It's unclear whether this will be acceptable to the Chinese authorities. It really depends on how secure or insecure they're feeling these days. In the meantime, the new landing page is a signal to Chinese users that they may want to remember Google.com.hk just in case Google.cn ceases to work, or update their browser bookmark.
What will happen next? Any one of four scenarios is possible:
1. The Chinese government renews Google's ICP license and Google.com.hk remains unblocked. Google.cn remains just a landing page which sends users to Google.com.hk when they click anywhere on the page. While Google.com.hk remains unblocked, though specific searches containing sensitive words will continue to be blocked. Nothing has changed except that users have to click through an extra page before they can start searching.
2. The Chinese government renews Google's ICP license but blocks Google.com.hk. People can get to the landing page via Google.cn, but after clicking on it they get an error message in their browser. Users who don't know how to use circumvention tools will no longer be able to continue accessing Google's uncensored search (unless they know to go to Google.com which as of now, I believe, remains unblocked).
3. The Chinese government does not renew Google's ICP license but does not block Google.com.hk. Google.cn will no longer work. Chinese Internet users will be able to access Google.com.hk if they happen know enough to type a different URL into their browser.
4. The Chinese government does not renew Google's ICP license and also blocks Google.com.hk. In this case, users will only be able to access the Hong Kong-based uncensored search if a) they know about the Google.com.hk URL and b) know how to use proxy servers or circumvention tools.
Which one do you predict? Let me know in the comments section if you'd like.
Meanwhile, it just so happens that tomorrow the U.S.-China Economic and Security Review Commission will be holding a hearing on "China's Information Control Practices and the Implications for the United States." I've been asked to testify on Baidu's role in China's Internet censorship system and the role played by U.S. investment in Chinese Internet censorship. My written testimony can be downloaded here (PDF).
I begin by describing China's recent political innovation which I call networked authoritarianism. I then explain how the private sector in general - and Baidu in particular - fits into this system. I discuss the impact of Google's withdrawal from China, then conclude with some comments about the role of U.S. investment. Here is my conclusion:
The question is: Even as government censorship requirements grow increasingly onerous, dominant players solidify and expand their market positions at the expense of smaller upstarts, and the frustration of many Chinese Internet executives grows, will anybody in the Chinese business community dare to challenge the government policies and practices that have caused this situation? Or will they continue to feel that they have no choice if they want to continue making money?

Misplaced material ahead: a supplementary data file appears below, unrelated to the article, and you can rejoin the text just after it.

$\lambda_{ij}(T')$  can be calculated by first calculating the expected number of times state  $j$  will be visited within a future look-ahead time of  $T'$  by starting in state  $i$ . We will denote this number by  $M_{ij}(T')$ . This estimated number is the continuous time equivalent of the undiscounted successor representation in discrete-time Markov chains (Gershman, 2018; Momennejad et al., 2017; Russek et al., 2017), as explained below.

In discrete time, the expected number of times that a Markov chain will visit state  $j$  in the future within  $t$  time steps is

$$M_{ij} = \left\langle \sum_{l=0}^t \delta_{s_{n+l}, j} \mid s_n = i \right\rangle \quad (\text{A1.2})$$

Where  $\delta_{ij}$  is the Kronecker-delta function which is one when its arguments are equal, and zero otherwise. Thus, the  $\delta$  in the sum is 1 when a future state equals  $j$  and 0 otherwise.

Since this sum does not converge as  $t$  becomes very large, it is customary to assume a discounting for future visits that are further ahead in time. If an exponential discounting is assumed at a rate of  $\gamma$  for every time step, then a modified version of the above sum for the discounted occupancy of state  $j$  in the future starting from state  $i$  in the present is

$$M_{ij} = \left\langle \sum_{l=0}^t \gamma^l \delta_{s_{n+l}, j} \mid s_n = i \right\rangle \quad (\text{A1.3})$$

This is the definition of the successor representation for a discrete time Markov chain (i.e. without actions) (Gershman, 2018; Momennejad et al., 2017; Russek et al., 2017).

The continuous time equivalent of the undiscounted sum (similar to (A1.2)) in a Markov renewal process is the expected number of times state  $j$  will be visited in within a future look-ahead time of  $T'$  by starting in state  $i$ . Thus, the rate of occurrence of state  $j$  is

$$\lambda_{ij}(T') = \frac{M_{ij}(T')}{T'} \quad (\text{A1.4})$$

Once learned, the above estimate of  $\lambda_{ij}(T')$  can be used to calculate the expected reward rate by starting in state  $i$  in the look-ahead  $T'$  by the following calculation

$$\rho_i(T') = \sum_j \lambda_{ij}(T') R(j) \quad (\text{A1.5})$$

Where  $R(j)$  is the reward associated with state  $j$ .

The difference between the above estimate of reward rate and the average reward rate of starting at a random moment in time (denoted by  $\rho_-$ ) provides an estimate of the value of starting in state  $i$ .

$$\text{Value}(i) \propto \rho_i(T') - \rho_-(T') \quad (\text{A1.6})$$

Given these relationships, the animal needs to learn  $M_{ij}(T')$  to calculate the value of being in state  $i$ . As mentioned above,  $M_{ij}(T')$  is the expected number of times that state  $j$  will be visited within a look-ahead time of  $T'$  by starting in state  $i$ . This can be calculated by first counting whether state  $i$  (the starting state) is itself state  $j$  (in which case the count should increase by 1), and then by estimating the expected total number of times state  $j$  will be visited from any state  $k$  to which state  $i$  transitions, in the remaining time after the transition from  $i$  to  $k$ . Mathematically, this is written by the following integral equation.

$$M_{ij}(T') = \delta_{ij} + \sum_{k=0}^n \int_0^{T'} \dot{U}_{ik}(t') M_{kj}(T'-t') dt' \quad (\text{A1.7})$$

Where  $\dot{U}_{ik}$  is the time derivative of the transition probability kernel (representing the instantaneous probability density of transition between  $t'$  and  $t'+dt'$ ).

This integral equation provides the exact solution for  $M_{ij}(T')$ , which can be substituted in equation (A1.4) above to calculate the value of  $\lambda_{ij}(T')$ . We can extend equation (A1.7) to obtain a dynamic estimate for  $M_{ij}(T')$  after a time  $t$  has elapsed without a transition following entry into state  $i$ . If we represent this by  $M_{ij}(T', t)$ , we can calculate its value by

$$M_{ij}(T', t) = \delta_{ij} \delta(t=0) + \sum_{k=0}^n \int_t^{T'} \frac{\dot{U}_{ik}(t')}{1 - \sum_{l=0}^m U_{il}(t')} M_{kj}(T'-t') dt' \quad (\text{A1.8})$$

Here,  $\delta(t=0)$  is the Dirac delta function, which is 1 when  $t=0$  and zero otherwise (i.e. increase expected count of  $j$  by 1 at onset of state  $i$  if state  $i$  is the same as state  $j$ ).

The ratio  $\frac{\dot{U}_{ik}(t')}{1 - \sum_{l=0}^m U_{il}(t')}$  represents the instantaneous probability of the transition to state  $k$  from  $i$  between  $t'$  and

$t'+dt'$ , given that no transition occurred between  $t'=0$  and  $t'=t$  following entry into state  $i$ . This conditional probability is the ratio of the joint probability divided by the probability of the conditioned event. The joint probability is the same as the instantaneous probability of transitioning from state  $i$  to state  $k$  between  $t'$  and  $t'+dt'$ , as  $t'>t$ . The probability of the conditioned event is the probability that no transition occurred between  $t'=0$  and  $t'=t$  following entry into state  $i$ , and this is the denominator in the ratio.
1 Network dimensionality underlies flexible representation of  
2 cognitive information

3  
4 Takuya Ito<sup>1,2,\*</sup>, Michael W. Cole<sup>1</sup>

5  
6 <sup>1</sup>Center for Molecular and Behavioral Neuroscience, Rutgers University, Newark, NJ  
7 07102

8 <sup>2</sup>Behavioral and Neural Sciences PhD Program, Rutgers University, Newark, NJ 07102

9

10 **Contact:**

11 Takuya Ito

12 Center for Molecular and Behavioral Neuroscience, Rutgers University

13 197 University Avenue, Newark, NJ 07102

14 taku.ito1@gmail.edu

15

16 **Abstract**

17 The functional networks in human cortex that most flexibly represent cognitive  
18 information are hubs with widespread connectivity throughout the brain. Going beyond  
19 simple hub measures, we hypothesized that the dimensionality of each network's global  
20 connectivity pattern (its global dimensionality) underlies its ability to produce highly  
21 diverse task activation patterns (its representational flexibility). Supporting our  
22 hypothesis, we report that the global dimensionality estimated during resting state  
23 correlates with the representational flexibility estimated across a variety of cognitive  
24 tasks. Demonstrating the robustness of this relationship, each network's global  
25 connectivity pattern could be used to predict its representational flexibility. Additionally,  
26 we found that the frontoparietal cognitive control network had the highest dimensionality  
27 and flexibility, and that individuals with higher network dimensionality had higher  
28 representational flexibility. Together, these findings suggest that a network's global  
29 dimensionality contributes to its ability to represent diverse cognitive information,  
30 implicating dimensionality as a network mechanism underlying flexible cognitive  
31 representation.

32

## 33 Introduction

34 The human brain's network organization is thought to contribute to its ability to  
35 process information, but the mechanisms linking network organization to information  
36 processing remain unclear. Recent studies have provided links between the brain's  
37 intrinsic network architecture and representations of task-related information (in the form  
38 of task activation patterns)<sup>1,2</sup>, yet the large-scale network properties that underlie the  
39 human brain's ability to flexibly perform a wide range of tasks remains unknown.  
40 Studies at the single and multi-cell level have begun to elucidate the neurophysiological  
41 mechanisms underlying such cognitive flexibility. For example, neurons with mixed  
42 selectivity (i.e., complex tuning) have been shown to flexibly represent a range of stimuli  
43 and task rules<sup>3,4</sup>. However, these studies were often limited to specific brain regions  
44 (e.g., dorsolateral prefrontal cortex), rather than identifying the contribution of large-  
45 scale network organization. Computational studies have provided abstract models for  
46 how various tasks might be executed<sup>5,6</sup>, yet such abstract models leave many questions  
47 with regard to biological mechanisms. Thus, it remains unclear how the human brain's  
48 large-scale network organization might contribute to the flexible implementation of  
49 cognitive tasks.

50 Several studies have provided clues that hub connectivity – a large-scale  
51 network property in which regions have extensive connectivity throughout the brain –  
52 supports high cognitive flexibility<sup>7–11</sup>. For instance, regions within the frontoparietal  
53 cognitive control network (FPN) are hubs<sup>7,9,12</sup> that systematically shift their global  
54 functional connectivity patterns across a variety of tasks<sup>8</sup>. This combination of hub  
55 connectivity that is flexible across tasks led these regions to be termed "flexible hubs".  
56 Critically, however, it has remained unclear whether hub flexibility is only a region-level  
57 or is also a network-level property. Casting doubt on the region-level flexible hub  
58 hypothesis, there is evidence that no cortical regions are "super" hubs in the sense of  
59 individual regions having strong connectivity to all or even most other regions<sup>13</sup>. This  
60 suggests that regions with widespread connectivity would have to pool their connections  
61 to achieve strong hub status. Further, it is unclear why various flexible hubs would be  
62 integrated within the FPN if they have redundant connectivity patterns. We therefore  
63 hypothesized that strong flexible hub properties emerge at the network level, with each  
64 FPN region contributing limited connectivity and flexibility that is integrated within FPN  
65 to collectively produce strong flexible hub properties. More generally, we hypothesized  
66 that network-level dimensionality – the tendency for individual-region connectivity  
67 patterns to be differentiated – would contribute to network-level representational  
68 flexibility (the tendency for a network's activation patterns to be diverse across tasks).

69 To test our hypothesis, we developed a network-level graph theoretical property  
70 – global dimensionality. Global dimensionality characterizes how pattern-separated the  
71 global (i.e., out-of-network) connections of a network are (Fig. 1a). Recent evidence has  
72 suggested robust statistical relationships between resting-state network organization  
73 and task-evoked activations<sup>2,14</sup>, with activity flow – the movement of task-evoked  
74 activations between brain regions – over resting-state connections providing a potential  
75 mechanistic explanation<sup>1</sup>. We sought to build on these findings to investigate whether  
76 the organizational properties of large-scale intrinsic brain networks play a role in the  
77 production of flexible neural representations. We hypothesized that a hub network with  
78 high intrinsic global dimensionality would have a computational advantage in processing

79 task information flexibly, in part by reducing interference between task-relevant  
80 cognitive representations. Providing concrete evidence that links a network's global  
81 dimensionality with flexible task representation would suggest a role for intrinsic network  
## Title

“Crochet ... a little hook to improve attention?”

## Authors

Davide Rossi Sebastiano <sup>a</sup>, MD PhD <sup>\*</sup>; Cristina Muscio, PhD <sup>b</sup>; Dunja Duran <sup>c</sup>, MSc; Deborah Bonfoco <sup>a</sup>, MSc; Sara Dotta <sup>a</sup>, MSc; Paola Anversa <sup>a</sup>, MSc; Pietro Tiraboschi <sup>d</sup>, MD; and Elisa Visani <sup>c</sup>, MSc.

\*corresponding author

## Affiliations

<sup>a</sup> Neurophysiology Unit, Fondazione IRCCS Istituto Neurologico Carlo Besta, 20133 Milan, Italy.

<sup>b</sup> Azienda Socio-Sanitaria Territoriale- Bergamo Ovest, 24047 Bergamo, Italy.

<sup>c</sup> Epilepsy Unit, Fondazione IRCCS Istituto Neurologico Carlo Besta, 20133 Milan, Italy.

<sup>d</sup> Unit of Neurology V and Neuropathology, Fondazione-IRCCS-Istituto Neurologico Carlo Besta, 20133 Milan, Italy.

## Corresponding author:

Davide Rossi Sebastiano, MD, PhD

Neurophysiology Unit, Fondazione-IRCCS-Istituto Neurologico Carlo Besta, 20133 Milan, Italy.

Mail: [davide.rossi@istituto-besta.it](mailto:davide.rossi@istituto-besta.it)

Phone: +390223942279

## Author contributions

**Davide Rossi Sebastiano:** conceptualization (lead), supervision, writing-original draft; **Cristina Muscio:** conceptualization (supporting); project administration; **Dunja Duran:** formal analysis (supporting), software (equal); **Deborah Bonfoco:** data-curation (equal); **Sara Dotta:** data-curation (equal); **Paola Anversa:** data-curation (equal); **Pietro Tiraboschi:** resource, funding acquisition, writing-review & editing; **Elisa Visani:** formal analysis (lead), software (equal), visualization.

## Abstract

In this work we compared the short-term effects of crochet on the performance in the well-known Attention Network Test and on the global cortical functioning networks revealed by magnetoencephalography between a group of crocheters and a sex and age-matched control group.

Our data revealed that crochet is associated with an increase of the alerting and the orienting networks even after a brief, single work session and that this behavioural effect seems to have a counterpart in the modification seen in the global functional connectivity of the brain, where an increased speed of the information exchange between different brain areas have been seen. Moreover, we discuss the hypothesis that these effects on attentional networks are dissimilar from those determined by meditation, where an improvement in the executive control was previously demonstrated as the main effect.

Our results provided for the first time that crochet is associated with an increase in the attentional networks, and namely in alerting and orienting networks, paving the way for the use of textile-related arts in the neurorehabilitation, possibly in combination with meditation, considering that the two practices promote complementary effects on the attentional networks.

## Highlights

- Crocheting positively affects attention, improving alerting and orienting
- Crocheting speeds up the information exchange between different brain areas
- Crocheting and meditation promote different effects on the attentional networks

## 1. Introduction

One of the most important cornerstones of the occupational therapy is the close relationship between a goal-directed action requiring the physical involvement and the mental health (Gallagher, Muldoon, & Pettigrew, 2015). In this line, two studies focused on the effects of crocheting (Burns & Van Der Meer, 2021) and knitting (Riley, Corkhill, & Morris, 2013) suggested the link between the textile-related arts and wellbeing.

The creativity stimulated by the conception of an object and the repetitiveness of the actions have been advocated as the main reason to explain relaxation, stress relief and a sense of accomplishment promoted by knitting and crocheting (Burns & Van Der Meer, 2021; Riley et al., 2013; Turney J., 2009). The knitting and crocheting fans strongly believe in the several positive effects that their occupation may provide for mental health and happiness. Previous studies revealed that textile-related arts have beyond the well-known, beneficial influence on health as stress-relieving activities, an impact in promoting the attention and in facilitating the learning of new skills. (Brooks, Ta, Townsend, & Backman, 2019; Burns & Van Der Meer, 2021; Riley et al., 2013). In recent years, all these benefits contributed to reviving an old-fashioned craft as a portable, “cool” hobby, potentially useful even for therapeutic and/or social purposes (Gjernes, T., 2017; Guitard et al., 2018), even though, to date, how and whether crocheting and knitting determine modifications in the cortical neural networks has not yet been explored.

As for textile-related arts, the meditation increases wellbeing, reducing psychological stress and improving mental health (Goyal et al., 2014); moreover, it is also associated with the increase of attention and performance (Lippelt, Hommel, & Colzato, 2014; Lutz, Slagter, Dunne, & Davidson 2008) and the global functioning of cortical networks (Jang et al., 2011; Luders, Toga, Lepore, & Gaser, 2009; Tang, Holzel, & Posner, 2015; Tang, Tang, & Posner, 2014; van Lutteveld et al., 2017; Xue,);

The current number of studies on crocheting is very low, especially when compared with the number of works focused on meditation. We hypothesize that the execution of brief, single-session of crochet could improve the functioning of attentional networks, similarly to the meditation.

As I have described in my testimony, the Chinese government has transferred much of the cost of censorship to the private sector. The American investment community has so far been willing to fund Chinese innovation in censorship technologies and systems without complaint or objection. Under such circumstances, Chinese industry leaders have little incentive and less encouragement to resist government demands that often contradict even China’s own laws and constitution.
Two of Baidu’s five Directors are American. U.S. investors provided much of Baidu’s startup capital. U.S. institutional investors own significant stakes in the company.To be fair, American investment dollars support many businesses around the world that human rights groups and environmentalists have identified as unethical or destructive to our health and our planet. Yet in the wake of the financial crisis and the BP oil spill, it is also clear that millions of people around the world are paying an unacceptably high price for unethical – or at very least amoral – investment practices. We will not see the end of our problems unless industry and investors own up to their broader responsibilities to society and to the planet. I predict that the prospects for freedom and democracy around the world will similarly be diminished if our investments continue to support censorship and surveillance.
For the ethical investor, there are two possible responses to this problem. One is divestment from all ethically challenging situations. The other is engagement and advocacy, using financial leverage to work for positive change in industry practices and even government regulation. Such efforts often require patience and take time to bear fruit, but experience in other sectors such as mining and manufacturing show that proactive, socially responsible investment combined with advocacy and engagement can make a difference over time.
I believe the Chinese people would be worse off if all American companies and investors were to abandon the Chinese Internet. Investors who remain silent, however, should be clear about what kind of innovation they are financing. In addition to whatever product or service they set out to invest in, they are also supporting a disturbing new political innovation: networked authoritarianism.
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